I am in a big dilemma: I recently emptied my bank account. I took home whole 15 euro and 47 cents. And I have difficulties where to hide it. Behind the ice-box? Beneath the floor? Inside the cool-cream jar? Deep down the pet’s food bag? Dog-house and under the matrass are out of question. Because a) I have no dog-house and b) my matrass is on rolls. I am really in big dilemma where to hide my precious wealth, my hard-worked saved money. Then all possible and impossible places to hide money at home are known to burglars and the police alike.
Billions of cash are stashed in Greek homes
No one knows just how much cash lies stashed in Greek homes, secreted in cupboards, at the back of the ice-box, beneath the floor or under the mattress. But by any guess it is well in the billions, and burglars are after their share of loot which is both highly portable and virtually impossible to recover, Reuters reported.
Greece΄s debt crisis has plunged it into five straight years of economic contraction, thrown half of its young people out of work and may see it ejected from the euro zone. In the past two years, Greeks have withdrawn from banks more than 72 billion euros – or close to 7,000 euros for every man, woman and child in the country. And much of that has been taken in cash.
Police say that gangs who may have once eyed “hard targets”, – like the banks themselves, or jewellers – are now going after homes of ordinary people, where there is far less risk and often large stashes of cash freshly withdrawn from savings accounts.
“Many people have withdrawn their money from the banks fearing a financial crash, and they either carry it on them, find a hideout at home or in storage rooms,” said national police spokesman Thanassis Kokkalakis.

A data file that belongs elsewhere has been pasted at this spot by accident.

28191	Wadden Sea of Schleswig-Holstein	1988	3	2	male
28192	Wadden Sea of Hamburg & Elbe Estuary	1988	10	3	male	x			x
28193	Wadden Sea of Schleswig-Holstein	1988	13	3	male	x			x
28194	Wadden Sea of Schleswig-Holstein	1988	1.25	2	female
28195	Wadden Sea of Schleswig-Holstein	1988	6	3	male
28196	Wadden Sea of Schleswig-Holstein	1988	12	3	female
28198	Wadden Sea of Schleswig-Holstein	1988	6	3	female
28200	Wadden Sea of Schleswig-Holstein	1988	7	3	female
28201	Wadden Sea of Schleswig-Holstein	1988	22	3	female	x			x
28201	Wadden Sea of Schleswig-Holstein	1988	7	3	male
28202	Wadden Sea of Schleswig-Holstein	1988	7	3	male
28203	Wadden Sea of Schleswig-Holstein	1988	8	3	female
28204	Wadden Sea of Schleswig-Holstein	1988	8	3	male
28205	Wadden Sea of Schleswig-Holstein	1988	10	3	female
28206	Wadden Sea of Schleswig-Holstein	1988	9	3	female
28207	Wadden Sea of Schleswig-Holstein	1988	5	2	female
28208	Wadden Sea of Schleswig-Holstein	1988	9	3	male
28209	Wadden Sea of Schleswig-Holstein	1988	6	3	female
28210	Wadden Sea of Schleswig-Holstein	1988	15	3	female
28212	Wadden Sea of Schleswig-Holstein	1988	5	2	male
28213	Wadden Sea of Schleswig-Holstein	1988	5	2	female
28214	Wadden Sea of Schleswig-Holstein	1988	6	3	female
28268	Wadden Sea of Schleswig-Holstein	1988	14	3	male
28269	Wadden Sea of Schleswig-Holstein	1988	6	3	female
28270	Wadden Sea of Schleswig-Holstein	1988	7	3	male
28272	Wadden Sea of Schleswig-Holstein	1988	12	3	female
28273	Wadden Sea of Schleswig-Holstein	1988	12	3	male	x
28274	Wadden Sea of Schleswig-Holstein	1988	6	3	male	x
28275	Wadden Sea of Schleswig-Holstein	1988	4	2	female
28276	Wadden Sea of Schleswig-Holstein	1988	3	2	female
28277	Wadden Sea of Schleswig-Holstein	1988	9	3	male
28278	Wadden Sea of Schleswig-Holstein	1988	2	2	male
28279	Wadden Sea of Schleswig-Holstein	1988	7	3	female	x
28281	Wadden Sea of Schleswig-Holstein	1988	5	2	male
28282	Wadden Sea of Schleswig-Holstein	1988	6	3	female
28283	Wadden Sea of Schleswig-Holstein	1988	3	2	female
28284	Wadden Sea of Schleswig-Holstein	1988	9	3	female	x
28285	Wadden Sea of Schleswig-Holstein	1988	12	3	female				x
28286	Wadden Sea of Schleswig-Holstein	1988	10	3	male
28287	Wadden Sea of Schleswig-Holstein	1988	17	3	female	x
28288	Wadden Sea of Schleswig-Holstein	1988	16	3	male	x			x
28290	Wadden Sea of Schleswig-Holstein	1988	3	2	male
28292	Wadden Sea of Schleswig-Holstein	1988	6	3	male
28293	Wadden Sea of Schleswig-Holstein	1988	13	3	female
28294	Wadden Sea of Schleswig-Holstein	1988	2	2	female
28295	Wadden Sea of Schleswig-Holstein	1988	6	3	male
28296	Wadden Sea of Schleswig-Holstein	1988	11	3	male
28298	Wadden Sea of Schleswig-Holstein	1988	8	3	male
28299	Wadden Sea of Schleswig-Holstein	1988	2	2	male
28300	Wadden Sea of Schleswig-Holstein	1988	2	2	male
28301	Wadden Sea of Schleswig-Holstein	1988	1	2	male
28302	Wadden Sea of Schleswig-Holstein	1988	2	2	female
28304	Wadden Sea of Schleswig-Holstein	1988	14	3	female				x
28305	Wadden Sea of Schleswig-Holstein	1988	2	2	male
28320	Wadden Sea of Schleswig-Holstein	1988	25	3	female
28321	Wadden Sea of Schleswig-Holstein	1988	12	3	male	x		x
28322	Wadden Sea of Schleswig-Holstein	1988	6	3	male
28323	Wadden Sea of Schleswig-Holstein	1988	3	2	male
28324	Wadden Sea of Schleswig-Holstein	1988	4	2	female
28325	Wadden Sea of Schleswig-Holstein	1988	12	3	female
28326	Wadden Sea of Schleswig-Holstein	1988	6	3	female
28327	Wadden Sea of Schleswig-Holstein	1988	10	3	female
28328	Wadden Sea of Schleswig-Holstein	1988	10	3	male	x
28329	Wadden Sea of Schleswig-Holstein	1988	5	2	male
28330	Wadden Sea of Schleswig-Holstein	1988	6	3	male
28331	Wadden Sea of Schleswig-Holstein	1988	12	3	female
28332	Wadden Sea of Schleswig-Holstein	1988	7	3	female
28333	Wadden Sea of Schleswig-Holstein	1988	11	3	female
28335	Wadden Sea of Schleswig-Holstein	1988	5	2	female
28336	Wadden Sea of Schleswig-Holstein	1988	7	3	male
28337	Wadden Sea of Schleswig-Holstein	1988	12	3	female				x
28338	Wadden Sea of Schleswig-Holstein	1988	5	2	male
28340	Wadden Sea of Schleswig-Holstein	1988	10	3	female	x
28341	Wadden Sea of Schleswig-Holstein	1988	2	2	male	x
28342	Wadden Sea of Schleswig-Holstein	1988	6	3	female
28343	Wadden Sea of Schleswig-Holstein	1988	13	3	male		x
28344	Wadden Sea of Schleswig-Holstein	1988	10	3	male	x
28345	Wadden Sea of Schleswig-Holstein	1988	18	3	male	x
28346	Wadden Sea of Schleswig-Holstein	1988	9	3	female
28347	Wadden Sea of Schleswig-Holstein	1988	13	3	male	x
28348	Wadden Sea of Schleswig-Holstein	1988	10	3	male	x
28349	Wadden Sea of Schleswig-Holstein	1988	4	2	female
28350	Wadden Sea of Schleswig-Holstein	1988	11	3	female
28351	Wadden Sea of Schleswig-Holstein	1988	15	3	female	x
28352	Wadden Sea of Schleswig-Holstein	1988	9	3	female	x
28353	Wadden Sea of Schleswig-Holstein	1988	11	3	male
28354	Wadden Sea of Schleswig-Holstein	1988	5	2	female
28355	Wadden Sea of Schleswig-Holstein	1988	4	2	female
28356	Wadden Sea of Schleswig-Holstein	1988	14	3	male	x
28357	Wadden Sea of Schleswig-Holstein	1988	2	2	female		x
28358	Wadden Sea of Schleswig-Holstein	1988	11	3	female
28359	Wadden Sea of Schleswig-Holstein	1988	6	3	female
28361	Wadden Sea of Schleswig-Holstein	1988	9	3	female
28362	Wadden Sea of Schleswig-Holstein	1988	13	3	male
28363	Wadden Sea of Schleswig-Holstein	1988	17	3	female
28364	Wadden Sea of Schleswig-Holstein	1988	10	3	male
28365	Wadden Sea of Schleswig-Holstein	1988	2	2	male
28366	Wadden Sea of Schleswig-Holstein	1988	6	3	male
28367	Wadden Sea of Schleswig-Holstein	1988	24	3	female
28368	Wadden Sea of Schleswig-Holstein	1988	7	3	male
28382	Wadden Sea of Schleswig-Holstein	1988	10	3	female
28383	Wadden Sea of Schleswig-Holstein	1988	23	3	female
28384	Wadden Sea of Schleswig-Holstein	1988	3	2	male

“We urge people to trust the banking system, leave their money there, or at least in a safe place, not hide it at home, where they must anyway take the basic security measures,” he said. “Some people don΄t even lock their doors and windows.”
The unexpected bonanza is attracting foreign crime networks, he said, including two from ex-Soviet Georgia which police dismantled in recent months, blaming them for 300 burglaries.
Crime is just one hazard for people storing unusually large hoards of cash, most of which are not insured. There are tales of savings going up in smoke in fires or, as in one case, being lost when a pensioner withdrew his life savings – then died suddenly, before telling his family where they were hidden.
Theft, though, seems the biggest risk and the crime wave has spread far beyond the big cities into rural areas where robbery was little known. Carpenter George Psychogios, 30, withdrew his savings of 8,000 euros and kept them in his house at Arta, a small town 350 km (200 miles) from Athens and known principally for its Byzantine stone bridge and a 13th-century church.
According to the central bank, Greeks withdrew 72 billion euros from bank accounts between January 2010 and March 2012, leaving just 165 billion behind. Since then, withdrawals have accelerated further after an inconclusive May 6 election led EU leaders to talk openly of Greek exit from the single currency.
Some of that money was wired abroad and some spent, but much of it was hidden in homes, either in cash or converted to gold.
If Greece leaves the common currency area, any money left in Greek banks would probably be turned into drachmas worth a good deal less. Euros stashed in a box at home would still be euros. (Further Reading REUTERS via Capital.gr)